Questioning Accepted Facts About The Surrender at Appomattox
by Gordon Thorsby
At Appomattox (Library of Congress)
Publications in the past fifteen to twenty years do not hesitate to challenge already accepted facts regarding events of the Civil War. If they didn’t, the question is raised why the book or article is relevant. The challenge is to question whether previously accepted explanations need revision based on new evidence or if those interpretations were unbiased. Even a “quiet” Palm Sunday that ended with a quiet surrender at Appomattox demanded some re-evaluation. Here are some of the questions:
The battle of Five Forks was not as a result of a cavalry charge breaking the Confederate infantry line that led to Appomattox. Actually, Union cavalry was quite beaten. Warren’s V Corps found a gap, exploited it and flanked the Confederate line which collapsed. Warren was relieved by Sheridan. The truth is Grant and Meade were exhausted by Warren’s foot-dragging and Grant directed Sheridan to relieve Warren if Sheridan chose to and Sheridan did just that.
The surrender was not completed with a simple meeting and signed by Grant and Lee. True, but to implement it there was a six member commission consisting of Union John Gibbon, Charles Griffin, and Wesley Merritt and Confederate James Longstreet, John B. Gordon, and William Pendleton to hammer out details and who met at least twice.
Lee was out of supplies and was forced to surrender. False. He had supplies. It seems several people “dropped the ball” on the supply logistics issue. The army was starving but the supplies could be had. There was a lot of chaos on the field. The real reason and Lee admitted it was that he knew his Army could not be depended to fight. His evidence was what he witnessed on a ridge above at Sailor’s Creek on April 6.
Union soldiers shared their food with starving Confederates as a sign of brotherhood does not match the facts. Sheridan did distribute Confederate rations captured by Custer because that was all there was and a full day later after the surrender . The Union soldiers were starving as well and they had no food to share. Their wagons were well to the rear as the roads were prioritized for the troops to chase of the ANV. Efforts were made and the problem was resolved within a couple of days for both sides.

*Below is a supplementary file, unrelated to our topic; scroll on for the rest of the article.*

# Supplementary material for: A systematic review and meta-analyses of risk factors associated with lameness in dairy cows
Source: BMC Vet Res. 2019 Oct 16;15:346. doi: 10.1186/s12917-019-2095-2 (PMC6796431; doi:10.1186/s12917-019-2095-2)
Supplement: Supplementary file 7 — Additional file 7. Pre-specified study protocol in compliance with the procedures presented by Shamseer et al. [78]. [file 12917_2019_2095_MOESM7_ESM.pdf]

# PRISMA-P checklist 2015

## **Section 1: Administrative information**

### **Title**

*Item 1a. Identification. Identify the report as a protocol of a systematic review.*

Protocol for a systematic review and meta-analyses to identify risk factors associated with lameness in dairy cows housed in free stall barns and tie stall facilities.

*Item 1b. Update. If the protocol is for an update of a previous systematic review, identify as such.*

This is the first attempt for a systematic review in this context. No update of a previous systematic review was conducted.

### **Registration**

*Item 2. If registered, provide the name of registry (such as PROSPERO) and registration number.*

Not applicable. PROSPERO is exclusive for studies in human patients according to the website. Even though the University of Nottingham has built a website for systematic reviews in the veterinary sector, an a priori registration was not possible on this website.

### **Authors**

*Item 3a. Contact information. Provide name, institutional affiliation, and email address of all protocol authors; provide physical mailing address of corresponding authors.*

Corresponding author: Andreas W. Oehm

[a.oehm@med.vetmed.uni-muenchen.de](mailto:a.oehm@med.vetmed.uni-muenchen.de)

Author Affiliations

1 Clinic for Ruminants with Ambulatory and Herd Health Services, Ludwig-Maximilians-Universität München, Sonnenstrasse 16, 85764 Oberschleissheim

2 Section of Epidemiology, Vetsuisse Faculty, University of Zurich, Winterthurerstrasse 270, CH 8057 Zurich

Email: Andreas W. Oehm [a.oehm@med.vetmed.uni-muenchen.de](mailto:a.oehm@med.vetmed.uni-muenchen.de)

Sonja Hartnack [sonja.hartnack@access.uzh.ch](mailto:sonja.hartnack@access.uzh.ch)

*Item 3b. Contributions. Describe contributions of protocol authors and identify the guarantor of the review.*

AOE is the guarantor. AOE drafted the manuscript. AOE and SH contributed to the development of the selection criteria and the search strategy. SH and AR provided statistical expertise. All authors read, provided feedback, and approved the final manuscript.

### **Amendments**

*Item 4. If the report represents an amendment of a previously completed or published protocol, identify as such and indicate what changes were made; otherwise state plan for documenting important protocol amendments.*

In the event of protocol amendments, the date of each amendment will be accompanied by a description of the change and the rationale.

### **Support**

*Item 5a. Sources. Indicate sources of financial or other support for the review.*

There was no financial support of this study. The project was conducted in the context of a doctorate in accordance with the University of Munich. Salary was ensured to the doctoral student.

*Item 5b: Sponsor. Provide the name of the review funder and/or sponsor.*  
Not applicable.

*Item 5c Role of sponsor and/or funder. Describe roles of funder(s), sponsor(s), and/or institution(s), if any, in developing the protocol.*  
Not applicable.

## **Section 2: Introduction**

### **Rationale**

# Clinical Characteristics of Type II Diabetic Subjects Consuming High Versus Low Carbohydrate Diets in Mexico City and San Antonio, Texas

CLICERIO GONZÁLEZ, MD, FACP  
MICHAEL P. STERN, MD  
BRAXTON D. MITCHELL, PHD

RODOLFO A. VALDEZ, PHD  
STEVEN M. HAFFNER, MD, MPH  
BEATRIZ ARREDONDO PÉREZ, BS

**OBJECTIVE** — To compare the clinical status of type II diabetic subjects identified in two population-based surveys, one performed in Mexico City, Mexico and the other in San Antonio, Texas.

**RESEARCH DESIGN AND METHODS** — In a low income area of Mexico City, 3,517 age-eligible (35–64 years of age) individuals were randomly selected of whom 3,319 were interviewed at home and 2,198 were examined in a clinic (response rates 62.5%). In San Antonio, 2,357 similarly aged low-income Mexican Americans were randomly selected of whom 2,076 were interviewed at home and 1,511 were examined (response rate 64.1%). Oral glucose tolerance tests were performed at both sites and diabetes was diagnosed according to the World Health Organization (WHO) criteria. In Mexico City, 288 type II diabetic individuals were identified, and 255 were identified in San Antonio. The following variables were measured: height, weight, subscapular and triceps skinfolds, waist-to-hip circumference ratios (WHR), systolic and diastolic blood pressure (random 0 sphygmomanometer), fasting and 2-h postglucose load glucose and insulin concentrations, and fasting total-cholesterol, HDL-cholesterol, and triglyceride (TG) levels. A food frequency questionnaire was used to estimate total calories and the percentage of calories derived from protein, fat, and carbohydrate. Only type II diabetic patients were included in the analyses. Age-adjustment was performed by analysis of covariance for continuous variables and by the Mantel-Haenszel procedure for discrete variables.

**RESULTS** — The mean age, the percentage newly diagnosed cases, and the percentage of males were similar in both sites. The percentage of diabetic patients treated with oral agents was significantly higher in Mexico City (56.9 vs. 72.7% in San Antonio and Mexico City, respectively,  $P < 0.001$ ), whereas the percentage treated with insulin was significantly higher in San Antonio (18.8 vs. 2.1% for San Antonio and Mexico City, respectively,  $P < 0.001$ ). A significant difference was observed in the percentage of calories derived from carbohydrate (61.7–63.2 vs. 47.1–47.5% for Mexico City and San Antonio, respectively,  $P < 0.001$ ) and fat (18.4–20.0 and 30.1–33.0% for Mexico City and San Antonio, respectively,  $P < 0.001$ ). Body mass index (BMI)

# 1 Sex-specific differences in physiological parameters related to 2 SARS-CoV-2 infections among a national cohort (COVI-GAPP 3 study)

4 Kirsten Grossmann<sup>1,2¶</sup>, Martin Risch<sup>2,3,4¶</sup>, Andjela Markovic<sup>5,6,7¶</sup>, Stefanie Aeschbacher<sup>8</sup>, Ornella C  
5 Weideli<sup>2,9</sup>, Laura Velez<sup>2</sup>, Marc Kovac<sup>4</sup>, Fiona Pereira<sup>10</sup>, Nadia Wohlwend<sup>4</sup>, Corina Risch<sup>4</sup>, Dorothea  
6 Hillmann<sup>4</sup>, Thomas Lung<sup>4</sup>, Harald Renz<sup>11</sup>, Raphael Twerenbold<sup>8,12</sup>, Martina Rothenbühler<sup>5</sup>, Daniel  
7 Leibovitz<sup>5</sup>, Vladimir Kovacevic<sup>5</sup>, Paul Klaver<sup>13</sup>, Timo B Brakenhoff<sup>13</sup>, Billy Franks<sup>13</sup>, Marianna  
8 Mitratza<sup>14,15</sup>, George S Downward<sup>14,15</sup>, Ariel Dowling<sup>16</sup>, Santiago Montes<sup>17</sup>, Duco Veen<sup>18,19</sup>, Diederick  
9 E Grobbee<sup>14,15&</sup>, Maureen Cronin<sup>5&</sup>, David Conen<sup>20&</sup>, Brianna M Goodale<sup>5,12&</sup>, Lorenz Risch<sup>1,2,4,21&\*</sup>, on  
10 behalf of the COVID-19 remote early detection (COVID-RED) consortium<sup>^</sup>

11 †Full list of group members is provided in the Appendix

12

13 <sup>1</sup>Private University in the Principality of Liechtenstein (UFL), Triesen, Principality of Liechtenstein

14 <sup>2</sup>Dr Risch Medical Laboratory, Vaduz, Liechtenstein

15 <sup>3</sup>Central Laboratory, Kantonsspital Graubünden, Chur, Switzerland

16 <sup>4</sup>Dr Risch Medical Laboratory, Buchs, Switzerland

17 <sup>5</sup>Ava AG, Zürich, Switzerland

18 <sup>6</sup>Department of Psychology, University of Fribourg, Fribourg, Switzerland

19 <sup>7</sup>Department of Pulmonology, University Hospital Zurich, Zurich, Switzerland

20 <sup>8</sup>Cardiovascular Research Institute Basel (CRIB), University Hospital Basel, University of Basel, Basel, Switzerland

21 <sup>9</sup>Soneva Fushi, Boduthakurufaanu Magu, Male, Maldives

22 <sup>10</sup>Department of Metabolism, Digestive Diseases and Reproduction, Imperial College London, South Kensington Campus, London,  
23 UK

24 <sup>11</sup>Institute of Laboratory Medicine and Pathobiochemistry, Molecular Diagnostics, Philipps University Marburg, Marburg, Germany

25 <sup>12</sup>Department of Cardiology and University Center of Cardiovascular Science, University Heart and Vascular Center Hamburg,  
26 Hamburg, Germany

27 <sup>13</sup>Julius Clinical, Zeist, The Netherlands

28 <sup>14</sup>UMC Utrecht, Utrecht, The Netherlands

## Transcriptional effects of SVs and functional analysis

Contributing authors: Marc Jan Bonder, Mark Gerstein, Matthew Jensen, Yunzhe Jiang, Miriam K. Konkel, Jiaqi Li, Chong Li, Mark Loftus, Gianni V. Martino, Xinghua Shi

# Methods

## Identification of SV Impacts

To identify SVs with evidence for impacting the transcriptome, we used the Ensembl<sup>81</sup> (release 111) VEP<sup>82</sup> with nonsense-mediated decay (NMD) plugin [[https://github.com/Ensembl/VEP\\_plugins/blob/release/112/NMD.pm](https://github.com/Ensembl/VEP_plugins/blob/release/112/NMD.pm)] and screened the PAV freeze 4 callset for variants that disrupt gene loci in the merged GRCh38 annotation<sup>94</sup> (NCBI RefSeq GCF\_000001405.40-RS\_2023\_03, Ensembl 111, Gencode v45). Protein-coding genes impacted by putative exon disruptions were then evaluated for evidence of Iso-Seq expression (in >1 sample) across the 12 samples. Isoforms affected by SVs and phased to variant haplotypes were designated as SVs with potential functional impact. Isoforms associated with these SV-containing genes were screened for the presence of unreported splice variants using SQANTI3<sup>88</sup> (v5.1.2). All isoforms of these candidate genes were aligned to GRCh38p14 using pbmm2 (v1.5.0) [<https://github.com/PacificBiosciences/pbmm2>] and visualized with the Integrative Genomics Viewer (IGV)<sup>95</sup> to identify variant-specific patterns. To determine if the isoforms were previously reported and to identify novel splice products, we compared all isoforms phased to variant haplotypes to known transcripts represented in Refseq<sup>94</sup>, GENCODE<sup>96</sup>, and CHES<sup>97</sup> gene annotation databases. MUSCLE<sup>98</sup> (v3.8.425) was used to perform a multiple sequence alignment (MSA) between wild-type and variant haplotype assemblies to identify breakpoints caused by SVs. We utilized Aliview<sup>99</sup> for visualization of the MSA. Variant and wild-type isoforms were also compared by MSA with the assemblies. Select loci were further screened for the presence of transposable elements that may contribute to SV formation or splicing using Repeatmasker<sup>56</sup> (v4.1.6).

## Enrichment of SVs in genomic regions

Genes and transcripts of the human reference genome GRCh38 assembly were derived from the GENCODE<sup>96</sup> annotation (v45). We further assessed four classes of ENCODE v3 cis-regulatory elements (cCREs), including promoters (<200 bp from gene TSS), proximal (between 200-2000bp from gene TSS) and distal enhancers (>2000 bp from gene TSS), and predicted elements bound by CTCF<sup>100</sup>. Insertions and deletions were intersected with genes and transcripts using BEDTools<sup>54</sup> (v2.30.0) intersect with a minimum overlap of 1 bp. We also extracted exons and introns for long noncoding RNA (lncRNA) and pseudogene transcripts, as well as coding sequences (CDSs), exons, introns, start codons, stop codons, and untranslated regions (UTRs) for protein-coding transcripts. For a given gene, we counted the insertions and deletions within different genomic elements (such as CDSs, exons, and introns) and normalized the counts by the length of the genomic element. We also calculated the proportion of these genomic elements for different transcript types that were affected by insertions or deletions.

Lee had few troops left after four years and faced an army three times its size or more. Not true. The numbers and sources are confusing but the story of 25,000 or less is incomplete and faulty. The numbers considered could have been more than 50,000 (yes, more than at Antietam). Lee had his ANV, but add Ewell’s Richmond defense corps, the mounted cavalry forces, some heavy artillery units and beached naval units. Subtract casualties at Five Forks, large numbers at Sailor’s Creek, rearguard actions and massive desertions each day after April 2, because Lee’s army was dissolving. Let’s also consider large numbers had thrown away their rifles and simply straggled along. The Confederate soldier of 1862-3 was not the same of 1865. Yes, 25,000 took parole papers. This did not count the thousands who did not even show up to the surrender ceremony and started for home.